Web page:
Mother of missing child searching for answersPublished 3:50pm Tuesday, October 22, 2013
It was 29 years, four months and 17 days ago that 12-year-old Sherry Lynn Marler disappeared from Greenville without so much as a trace.
But for Sherry’s mother, Betty Stringfellow, not a day has gone by where her daughter’s absence hasn’t been felt.
To that end, Stringfellow will be holding a balloon release in her daughter’s honor Thursday at 3:30 p.m. in the parking lot behind the Ritz Theatre near the Main Street building, which is where Marler was last reported seen.
And while the event is meant to be a gathering to celebrate Marler’s life, it is also meant to be a gathering of sorts for those who might have some information regarding her mysterious disappearance all those years ago.
“I guess basically what I’m looking for are some answers so I can get some closure,” Stringfellow said.
Marler was last seen around 9:30 a.m. on the morning of June 6, 1984, as she was leaving the former First National Bank parking lot to get a soda from the gas station across the street, which was located in what is now the Main Street building.
She was accompanied by her stepfather, who separated from Marler to take care of business within the bank.
When he’d gotten back to the truck, which is where they were supposed to meet only 15 minutes later, she hadn’t returned.
After waiting an additional 15-20 minutes, he contacted Stringfellow to help find her.
“He started getting worried because it wasn’t like her to not do what we told her to do,” Stringfellow said.
“He called me about 10:15 a.m. or 10:30 a.m. to ask if she’d come over to the Waffle House where I was working. I got off work to help him look for her, but that was the last time we saw her.”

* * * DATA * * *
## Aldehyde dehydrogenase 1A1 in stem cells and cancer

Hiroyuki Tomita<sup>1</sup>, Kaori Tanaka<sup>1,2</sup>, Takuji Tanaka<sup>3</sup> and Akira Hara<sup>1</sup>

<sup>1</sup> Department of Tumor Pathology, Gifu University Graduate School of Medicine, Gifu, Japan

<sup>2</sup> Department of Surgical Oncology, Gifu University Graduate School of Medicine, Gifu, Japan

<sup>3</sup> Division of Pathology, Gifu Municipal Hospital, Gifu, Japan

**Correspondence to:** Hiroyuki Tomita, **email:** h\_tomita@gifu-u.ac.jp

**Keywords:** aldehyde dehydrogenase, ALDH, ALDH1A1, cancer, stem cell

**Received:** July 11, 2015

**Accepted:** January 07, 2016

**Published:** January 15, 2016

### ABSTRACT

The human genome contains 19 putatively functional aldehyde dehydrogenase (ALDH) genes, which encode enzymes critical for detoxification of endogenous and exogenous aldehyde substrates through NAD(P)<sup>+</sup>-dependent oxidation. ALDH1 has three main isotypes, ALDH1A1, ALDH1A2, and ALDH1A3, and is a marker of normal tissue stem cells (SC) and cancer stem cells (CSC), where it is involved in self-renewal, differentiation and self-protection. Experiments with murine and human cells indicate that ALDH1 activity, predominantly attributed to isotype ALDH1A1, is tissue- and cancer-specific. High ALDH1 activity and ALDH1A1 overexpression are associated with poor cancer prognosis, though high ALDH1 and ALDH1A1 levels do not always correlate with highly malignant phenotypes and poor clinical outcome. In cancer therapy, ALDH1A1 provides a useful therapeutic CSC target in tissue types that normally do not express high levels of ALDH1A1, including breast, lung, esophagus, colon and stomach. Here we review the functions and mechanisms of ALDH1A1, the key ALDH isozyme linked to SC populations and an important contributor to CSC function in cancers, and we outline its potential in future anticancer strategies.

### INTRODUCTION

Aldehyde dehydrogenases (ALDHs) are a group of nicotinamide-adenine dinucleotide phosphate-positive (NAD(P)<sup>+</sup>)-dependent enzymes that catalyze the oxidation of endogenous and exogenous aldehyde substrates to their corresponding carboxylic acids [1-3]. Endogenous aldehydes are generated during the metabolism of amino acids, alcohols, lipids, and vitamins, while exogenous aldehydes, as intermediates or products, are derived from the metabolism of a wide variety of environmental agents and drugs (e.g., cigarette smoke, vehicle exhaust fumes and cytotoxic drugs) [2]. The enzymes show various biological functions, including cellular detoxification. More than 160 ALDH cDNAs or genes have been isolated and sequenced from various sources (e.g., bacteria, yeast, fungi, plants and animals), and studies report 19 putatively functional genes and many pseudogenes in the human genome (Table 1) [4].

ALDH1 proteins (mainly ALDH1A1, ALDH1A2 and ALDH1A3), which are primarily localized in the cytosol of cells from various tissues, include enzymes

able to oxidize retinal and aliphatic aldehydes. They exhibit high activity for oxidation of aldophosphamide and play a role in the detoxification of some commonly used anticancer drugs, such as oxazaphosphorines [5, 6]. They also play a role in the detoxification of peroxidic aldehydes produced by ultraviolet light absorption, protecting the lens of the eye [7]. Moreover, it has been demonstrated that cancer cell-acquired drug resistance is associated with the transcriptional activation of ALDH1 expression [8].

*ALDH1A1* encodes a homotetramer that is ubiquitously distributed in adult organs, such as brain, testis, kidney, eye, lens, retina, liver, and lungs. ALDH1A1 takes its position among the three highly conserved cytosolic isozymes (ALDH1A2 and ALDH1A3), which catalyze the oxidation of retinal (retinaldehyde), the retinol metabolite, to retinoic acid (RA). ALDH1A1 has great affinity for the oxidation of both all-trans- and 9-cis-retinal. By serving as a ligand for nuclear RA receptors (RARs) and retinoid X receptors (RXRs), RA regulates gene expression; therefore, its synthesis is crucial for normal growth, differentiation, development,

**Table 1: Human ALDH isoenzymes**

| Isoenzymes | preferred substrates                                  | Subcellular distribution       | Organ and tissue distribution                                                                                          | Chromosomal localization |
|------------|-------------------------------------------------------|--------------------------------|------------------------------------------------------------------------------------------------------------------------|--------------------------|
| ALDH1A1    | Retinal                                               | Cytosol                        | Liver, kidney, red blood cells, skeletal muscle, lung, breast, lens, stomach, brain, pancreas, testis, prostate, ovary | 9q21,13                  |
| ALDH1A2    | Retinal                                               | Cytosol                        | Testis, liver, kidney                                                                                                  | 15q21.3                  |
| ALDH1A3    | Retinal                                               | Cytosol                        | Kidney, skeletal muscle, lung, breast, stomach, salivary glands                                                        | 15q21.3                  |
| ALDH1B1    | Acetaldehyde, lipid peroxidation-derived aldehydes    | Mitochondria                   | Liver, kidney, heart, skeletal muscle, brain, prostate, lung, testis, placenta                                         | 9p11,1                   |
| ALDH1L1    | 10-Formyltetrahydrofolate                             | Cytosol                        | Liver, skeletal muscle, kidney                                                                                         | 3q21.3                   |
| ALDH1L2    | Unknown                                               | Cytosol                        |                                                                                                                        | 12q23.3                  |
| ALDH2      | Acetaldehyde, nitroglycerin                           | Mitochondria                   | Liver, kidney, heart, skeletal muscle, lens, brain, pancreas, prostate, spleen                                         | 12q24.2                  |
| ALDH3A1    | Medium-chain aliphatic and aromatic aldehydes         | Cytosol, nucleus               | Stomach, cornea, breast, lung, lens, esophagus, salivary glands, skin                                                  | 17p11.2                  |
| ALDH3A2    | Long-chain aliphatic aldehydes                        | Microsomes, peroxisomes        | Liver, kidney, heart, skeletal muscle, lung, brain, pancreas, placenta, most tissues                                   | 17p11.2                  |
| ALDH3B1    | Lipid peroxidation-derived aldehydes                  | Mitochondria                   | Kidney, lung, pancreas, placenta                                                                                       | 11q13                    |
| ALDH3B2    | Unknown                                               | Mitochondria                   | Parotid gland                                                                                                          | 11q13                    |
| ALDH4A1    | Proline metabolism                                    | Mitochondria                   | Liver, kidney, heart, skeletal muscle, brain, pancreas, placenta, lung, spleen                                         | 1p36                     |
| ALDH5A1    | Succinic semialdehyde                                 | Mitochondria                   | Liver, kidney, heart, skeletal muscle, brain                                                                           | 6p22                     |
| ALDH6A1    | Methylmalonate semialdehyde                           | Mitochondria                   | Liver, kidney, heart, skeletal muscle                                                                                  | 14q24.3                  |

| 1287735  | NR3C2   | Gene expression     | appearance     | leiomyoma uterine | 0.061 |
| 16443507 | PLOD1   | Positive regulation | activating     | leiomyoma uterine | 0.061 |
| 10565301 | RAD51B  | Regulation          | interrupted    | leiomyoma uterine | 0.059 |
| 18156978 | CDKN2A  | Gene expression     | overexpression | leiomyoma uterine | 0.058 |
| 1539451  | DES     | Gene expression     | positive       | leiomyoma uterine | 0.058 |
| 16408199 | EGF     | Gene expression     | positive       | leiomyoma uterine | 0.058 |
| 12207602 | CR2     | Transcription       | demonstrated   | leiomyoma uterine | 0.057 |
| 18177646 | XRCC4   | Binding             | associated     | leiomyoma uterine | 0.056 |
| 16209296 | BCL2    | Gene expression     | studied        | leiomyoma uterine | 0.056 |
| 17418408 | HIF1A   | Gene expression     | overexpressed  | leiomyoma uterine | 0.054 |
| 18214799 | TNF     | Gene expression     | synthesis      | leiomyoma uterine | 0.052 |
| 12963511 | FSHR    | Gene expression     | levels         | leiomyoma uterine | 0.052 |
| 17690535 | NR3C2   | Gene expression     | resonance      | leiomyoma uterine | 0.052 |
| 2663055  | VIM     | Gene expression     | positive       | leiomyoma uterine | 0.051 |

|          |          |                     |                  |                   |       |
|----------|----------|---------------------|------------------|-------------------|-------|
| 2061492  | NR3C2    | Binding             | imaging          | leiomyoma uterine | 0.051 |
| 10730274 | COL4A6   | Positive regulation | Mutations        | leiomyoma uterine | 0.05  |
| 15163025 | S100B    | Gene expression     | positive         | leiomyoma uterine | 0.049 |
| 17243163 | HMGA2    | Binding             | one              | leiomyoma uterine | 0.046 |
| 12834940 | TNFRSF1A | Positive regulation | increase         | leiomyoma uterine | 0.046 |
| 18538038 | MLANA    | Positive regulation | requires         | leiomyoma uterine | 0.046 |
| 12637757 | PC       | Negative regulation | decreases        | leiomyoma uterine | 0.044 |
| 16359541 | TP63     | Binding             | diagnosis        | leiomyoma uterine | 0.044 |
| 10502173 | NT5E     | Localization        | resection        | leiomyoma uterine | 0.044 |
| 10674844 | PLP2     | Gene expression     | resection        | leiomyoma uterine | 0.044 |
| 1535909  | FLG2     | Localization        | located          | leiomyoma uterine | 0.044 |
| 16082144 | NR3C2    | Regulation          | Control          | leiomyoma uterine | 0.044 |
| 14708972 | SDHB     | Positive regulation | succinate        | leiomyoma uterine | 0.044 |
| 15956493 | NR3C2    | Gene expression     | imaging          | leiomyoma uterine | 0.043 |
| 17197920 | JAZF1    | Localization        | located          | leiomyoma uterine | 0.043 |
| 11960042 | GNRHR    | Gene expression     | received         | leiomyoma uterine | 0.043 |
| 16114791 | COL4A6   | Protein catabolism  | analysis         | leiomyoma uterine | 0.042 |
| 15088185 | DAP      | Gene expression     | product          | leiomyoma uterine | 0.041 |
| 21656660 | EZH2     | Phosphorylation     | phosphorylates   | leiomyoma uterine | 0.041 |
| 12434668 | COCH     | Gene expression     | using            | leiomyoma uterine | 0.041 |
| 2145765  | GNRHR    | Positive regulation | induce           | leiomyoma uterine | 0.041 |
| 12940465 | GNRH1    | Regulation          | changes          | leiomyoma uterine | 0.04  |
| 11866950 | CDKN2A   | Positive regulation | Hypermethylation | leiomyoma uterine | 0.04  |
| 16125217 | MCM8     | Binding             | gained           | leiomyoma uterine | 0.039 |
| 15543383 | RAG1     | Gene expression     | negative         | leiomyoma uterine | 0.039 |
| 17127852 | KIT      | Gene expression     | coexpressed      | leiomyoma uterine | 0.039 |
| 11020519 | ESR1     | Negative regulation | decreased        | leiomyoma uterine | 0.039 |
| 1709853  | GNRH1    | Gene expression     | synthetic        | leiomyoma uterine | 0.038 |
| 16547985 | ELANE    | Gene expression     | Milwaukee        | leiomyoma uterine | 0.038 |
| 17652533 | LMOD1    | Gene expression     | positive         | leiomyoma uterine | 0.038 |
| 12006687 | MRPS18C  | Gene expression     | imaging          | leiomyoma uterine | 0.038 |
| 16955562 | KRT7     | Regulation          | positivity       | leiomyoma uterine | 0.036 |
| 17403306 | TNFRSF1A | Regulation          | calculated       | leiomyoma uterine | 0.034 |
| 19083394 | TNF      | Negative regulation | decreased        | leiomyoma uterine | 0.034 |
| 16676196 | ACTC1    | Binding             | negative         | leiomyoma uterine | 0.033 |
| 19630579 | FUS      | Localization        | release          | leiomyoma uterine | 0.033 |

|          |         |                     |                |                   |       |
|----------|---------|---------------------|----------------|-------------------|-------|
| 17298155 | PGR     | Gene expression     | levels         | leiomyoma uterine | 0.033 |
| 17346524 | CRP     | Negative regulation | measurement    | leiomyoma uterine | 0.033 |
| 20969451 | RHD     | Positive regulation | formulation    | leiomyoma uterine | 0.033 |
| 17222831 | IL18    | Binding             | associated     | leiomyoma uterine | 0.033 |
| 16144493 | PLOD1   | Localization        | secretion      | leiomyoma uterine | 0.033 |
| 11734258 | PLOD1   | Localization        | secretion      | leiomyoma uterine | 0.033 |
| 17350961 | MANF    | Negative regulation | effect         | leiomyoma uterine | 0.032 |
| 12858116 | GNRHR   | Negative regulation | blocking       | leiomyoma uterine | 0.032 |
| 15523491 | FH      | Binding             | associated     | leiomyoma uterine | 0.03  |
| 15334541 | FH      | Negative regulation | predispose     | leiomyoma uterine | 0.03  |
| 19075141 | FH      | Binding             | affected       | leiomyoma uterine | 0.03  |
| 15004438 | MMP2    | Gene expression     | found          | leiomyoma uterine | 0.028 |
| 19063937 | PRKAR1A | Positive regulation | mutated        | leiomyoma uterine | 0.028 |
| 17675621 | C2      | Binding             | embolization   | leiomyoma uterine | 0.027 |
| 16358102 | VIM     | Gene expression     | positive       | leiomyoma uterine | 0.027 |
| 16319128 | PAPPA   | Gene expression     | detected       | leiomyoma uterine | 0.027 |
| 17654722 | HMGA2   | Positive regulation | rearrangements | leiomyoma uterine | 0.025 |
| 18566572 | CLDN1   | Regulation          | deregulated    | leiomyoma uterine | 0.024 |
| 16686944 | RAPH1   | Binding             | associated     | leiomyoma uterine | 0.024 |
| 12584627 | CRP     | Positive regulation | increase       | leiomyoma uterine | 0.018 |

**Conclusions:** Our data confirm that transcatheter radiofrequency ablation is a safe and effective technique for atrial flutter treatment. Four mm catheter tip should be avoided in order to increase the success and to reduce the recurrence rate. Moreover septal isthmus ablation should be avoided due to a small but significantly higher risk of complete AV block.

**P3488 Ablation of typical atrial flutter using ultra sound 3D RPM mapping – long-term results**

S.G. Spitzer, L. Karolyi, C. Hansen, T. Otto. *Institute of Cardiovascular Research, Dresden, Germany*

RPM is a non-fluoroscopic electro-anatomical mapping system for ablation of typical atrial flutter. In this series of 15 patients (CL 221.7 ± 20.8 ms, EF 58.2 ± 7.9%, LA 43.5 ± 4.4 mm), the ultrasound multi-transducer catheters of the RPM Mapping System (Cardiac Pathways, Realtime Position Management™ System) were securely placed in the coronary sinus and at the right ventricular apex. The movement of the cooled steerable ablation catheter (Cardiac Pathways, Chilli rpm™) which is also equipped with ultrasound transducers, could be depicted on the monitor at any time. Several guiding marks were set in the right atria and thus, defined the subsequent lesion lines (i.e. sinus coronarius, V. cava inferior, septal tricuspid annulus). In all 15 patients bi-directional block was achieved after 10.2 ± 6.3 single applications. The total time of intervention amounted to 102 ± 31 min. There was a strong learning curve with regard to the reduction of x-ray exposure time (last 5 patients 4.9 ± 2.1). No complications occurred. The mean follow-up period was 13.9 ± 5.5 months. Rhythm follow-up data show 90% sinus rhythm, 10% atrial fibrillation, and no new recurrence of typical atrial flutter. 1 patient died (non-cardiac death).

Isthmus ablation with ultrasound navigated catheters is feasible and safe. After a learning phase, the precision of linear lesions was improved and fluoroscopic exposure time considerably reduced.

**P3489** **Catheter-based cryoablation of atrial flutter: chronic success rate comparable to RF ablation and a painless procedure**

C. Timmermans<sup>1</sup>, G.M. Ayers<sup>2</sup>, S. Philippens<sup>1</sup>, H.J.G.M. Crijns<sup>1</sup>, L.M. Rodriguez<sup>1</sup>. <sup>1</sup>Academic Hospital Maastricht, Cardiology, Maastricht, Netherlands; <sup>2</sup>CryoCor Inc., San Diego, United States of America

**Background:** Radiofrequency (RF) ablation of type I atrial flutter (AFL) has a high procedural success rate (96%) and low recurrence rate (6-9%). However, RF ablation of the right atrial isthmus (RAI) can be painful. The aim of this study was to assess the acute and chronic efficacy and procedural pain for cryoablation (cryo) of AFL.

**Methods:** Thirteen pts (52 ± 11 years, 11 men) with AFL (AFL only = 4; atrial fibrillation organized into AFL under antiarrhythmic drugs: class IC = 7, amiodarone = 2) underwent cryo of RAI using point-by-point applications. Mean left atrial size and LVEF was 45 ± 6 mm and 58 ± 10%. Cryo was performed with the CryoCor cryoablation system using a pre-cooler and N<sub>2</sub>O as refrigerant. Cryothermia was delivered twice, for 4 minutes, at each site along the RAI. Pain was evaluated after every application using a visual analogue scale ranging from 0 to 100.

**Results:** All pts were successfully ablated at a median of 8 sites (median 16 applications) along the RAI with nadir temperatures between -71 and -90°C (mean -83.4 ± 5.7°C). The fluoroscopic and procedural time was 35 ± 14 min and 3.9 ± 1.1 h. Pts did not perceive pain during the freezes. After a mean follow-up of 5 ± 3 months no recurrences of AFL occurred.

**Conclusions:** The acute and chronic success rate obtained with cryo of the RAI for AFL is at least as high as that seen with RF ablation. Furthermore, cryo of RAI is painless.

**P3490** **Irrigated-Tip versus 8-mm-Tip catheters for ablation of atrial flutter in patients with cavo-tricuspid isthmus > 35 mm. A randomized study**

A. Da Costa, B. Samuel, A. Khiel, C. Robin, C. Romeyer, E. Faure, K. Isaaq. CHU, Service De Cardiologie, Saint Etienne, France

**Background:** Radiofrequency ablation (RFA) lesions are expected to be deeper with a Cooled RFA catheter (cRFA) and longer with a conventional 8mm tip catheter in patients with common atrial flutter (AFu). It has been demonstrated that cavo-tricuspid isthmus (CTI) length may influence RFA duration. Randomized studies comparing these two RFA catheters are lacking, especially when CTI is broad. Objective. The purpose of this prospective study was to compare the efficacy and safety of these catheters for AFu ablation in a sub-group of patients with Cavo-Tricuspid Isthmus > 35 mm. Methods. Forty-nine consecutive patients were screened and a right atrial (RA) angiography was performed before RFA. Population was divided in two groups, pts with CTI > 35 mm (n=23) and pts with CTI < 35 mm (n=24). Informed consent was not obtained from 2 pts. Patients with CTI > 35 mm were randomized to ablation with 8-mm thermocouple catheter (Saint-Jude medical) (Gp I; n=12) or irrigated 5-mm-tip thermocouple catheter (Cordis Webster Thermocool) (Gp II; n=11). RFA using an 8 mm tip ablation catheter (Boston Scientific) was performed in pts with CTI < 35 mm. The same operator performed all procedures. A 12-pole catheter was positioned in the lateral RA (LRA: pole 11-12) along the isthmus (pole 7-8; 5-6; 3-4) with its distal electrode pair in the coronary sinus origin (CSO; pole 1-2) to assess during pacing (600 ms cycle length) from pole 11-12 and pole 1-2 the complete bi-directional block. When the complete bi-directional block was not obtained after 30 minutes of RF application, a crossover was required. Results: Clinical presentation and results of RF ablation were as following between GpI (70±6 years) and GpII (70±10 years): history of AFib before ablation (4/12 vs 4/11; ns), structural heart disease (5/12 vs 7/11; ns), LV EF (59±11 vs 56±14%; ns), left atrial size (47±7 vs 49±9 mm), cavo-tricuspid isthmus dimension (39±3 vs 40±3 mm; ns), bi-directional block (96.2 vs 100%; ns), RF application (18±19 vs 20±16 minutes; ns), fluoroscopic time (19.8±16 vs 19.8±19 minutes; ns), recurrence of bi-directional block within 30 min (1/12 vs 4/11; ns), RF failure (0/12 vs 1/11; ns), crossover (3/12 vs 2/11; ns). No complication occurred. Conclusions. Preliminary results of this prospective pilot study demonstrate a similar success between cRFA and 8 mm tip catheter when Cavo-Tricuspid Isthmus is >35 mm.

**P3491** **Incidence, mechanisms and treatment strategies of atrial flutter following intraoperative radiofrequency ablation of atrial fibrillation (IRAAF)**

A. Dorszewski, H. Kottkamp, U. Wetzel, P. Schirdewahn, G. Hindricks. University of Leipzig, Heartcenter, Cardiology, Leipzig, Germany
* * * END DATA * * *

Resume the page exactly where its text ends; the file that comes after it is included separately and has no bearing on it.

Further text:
Details were scarce in the months and years that followed, with Stringfellow’s only clues being three separate alleged sightings around the country of Marler with a man described to be about 50 years old and 5-foot-8 with a husky build, a weathered complexion and crow’s feet around his eyes.
And though Stringfellow received a series of composite sketches of the man alleged to be accompanying her daughter, none of the sightings were ever confirmed.
Now, nearly three decades following the incident, Stringfellow has joined Team HOPE, a volunteer program of the National Center for Missing and Exploited Children composed of family members who have turned their own personal stories into words of encouragement and support for other families dealing with similar issues.
“I’ve had the support of a lot of good people through Team HOPE,” Stringfellow said.
“God gives me the strength and encouragement, and they keep me going.”
And though it’s been nearly three decades since Marler’s disappearance, Stringfellow refuses to close the book on her daughter’s case.
“All I’m asking is that if anybody knows something to please come forward and let somebody know,” Stringfellow said.
“It’s been 29 years and if it was their child, they would want to know.”